Practice Makes Perfect

I was really excited to get my networked learning project going.  After reviewing my resources, I decided to make a shopping list of supplies based on what the bloggers and artists recommended.  I took notes on which brand to buy and which not to buy.  As a young teacher, I also didn’t want to break the bank and spend a ton of money on supplies.  I kept the price in mind in addition to the quality.  I wanted to have some great tools that would last.  Once I had my plan, I headed out to Michaels and Jo-Ann Fabrics in high spirits.  My first stop was Jo-Ann’s and I was surprised with what I found:

At home, I was overwhelmed with the variety of tools and did not know what to even put on my list.  At both stores, I was unimpressed with the selection of calligraphy supplies.   I spent some time reading the packages and looking around other parts of the store to make sure I didn’t miss anything.  For future reference, Michael’s has them in two different sections, on opposite sides of the store.  From Jo-Ann’s (where I had more coupons) I bought:

From Michaels I bought:

Photo Jul 07, 3 01 43 PM

The first two blogs, By Dawn Nicole and Boxwood Avenue, provided me with some information to get started.  However, the “free” worksheets were not free or led me to other blog sites where I found some other resources.  Katrina Alana had some great basic calligraphy guide line practice worksheets that I slid under the paper I was writing on.  The guide lines are very important because your letters should make a 55 degree slant.  The lines also help make sure your sizes are accurate.  Since no worksheets had letters, I needed to look up images and videos before beginning as I am a very visual learner.

Here are some awesome resources I found:

Calligraphy for Beginners gives very important basic information on fountain pens.  The artist explains how to put the pen together and how to hold it (60 degrees with the paper and light pressure).  I never knew that all of these little details were so important to calligraphy until I started practicing.  They can make a huge difference in your strokes.

Jordan Moran’s Copperplate Calligraphy Basics teaches copperplate calligraphy in easy to follow steps.  I learned that there are seven basic calligraphy strokes in this traditional style of calligraphy as demonstrated in this short video.

Lessons that I learned while practicing calligraphy:

  1. Open up the container of ink carefully. It could splatter all over your hands or your dining room table, leading me to my next lesson.
  2. Have paper towel available! You will need it.
  3. Nibs are more than just my favorite Twizzlers candy. They are the tip of the calligraphy pen and vary in size depending on how thick you want your lines to be.
  4. It takes time!  You have to be REALLY patient and not get frustrated when you write.  Ink will splatter, paper may get stuck in the tip of your pen, and you will have to keep refilling your pen with ink.  Take your time and enjoy the ride.
  5. Parchment paper is much easier to write on compared to printer paper. Printer paper can rip with some down strokes and mess up the flow of the pen.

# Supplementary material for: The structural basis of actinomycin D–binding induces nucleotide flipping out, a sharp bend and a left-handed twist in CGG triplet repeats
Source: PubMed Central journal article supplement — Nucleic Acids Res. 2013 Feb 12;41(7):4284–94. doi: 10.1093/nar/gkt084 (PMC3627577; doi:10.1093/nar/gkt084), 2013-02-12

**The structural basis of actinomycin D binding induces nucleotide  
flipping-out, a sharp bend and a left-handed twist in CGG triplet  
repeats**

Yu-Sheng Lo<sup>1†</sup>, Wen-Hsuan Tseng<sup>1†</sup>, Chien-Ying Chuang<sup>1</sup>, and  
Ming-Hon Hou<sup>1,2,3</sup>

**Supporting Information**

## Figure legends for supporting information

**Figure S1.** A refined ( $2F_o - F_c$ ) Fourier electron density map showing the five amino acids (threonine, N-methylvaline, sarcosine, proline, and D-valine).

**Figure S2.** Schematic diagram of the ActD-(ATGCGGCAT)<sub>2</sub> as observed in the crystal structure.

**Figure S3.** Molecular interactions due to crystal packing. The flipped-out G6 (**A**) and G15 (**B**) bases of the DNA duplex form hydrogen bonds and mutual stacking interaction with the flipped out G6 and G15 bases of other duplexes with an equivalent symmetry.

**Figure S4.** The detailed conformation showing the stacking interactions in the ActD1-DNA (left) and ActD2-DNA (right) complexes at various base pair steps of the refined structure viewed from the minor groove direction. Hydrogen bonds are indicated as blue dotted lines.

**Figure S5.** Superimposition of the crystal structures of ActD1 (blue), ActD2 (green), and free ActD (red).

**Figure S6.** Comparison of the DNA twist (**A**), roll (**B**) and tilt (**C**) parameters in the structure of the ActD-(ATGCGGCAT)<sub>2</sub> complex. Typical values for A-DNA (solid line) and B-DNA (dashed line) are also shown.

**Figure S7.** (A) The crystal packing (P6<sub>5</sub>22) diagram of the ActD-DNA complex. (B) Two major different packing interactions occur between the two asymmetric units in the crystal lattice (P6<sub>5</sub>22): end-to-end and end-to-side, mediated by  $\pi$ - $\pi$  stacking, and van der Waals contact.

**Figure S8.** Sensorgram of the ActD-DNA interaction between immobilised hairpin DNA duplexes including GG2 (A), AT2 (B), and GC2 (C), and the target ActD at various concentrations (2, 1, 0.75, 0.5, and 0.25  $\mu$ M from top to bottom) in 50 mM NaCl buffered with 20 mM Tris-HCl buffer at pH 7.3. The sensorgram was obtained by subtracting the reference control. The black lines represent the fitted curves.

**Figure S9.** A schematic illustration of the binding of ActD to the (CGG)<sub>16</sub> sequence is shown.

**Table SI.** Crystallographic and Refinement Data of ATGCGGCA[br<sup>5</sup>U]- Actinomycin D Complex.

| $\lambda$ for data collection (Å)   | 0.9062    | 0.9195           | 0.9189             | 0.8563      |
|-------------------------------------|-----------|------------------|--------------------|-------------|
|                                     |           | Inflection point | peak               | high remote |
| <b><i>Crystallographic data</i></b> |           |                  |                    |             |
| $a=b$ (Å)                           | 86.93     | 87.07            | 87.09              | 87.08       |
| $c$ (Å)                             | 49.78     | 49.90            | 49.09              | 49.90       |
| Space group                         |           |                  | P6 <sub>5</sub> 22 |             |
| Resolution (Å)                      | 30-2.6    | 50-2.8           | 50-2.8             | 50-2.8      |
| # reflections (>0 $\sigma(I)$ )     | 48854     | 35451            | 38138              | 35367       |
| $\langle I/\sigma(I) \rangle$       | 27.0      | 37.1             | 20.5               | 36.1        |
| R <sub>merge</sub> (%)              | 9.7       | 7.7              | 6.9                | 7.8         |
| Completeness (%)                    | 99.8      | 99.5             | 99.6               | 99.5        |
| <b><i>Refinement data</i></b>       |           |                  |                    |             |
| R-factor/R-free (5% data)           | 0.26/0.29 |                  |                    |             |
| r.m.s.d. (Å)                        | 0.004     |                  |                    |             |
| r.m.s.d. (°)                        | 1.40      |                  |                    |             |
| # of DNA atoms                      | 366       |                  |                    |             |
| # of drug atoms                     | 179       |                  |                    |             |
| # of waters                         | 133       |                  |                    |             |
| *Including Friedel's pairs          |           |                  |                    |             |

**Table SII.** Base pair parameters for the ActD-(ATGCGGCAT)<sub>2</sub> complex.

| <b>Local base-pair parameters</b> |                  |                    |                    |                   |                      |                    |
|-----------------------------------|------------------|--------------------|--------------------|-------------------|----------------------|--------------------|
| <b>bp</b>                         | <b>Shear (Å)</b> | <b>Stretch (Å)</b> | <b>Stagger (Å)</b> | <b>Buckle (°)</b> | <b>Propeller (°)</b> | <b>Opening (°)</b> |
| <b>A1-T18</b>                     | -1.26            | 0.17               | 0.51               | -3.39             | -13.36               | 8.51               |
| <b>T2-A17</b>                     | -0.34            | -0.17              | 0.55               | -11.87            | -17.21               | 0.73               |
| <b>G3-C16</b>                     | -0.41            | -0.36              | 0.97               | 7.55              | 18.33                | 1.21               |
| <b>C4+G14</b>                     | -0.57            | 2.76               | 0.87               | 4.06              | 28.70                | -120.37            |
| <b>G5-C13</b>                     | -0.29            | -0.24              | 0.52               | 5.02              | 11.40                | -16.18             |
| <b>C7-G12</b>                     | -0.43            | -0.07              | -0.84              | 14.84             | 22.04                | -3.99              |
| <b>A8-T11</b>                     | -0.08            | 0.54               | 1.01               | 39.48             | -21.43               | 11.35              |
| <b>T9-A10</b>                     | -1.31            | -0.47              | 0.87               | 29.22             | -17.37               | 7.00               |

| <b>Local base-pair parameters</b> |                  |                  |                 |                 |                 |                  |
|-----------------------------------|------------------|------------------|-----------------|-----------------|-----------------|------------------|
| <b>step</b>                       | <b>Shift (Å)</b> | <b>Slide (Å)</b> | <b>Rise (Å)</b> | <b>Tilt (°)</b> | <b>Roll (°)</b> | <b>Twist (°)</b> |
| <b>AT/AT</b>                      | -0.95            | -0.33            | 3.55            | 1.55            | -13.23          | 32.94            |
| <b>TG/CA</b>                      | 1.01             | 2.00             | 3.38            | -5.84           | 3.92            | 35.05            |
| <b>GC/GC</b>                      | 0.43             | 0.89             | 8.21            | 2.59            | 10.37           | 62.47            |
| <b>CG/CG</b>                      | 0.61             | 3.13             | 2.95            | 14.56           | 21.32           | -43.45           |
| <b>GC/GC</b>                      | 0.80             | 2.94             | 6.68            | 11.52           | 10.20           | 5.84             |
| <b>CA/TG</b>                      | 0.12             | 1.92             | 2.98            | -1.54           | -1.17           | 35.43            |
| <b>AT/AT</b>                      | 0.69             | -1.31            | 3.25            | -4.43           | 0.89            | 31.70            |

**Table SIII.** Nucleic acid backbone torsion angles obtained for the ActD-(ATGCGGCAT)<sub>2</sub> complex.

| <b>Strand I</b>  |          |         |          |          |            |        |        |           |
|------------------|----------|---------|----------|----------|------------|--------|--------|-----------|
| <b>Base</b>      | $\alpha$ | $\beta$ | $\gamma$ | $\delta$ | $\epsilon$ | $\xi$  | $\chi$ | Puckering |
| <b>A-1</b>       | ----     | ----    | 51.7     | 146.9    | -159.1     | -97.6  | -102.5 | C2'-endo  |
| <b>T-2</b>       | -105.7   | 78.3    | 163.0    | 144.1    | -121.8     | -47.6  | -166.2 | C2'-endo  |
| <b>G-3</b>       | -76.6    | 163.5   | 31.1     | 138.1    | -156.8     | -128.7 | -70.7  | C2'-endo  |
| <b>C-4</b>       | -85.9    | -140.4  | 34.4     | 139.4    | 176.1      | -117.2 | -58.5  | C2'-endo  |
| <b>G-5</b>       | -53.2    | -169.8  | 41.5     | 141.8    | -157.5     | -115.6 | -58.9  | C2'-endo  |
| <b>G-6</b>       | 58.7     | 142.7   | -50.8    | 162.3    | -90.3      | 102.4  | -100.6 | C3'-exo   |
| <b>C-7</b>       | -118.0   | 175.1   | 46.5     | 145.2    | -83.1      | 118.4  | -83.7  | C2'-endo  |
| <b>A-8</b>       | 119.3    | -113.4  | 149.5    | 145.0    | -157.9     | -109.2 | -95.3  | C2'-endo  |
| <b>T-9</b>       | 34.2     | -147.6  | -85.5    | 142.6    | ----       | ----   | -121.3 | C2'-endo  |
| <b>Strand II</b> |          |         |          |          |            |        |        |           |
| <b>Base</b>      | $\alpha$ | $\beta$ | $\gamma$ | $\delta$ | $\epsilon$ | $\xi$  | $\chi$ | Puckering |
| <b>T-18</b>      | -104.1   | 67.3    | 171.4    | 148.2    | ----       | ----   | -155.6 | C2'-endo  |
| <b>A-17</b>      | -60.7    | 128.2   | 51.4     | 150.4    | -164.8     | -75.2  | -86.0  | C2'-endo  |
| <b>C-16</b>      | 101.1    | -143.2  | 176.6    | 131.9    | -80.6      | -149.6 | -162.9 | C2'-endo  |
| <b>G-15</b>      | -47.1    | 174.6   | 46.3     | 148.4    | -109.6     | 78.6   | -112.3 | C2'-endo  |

6. Learning the basic strokes will help you form letters. Those seven basic strokes are a part of every lowercase letter in the alphabet.
  7. Just because something looks easy doesn’t mean it is. I thought that having good handwriting meant that calligraphy would come natural to me, however just like everything else, it takes practice.

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The next step in my calligraphy journey will be continuing to practice my letters.  Once I am more comfortable with the lower and uppercase letters, I will move on to experimenting with some of the other writing utensils.  I am very curious to see how the Sharpies write!  Stay tuned!

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3 thoughts on “Practice Makes Perfect

  1. johnhowellblog says:

    Great blog post, I would have never know how much work it takes to do Calligraphy. I also found with my NLP project that keeping supplies and tool prices in check, while still trying to do a good job can be a challenge. The numbered lessons learned is a great way to separate the information you learned. As a mechanic, most of the technical service information I read is designed this way. I have found over the years that my students seem to comprehend information better with that design. I know it sounds simple, but it seems to work.

    You have found some good resources as well, trying to find good information online can be hard. There is a lot of information out there, the hard part is figuring out the good, bad, and redundant. It seems to take more time sifting through the data than to actually learn about the project. I have found for each good resource you find there are at least five that are useless.

    The pictures of the supplies at the stores showed just how much stuff is out there for Calligraphy. It looked like you had a lot of choices to decide from. I liked how the pictures of your practice strokes flipped through as I read the post. It drew my attention to your pictures as I read the post and made me stop to watch as they flipped through. We all like action, even with something as simple as pictures cycling through draws us to watch. Great post, I can’t wait to see how the Calligraphy turns out.

    Liked by 1 person

  2. Katie Dahmer says:

    I love your lessons learned section. Your thoughts are concise, but provide important insight into what you are learning, but also add in a bit of humor.

    Also, I never would have thought that Michael’s would have two different sections for your supplies. Seems a little odd?

    Liked by 1 person

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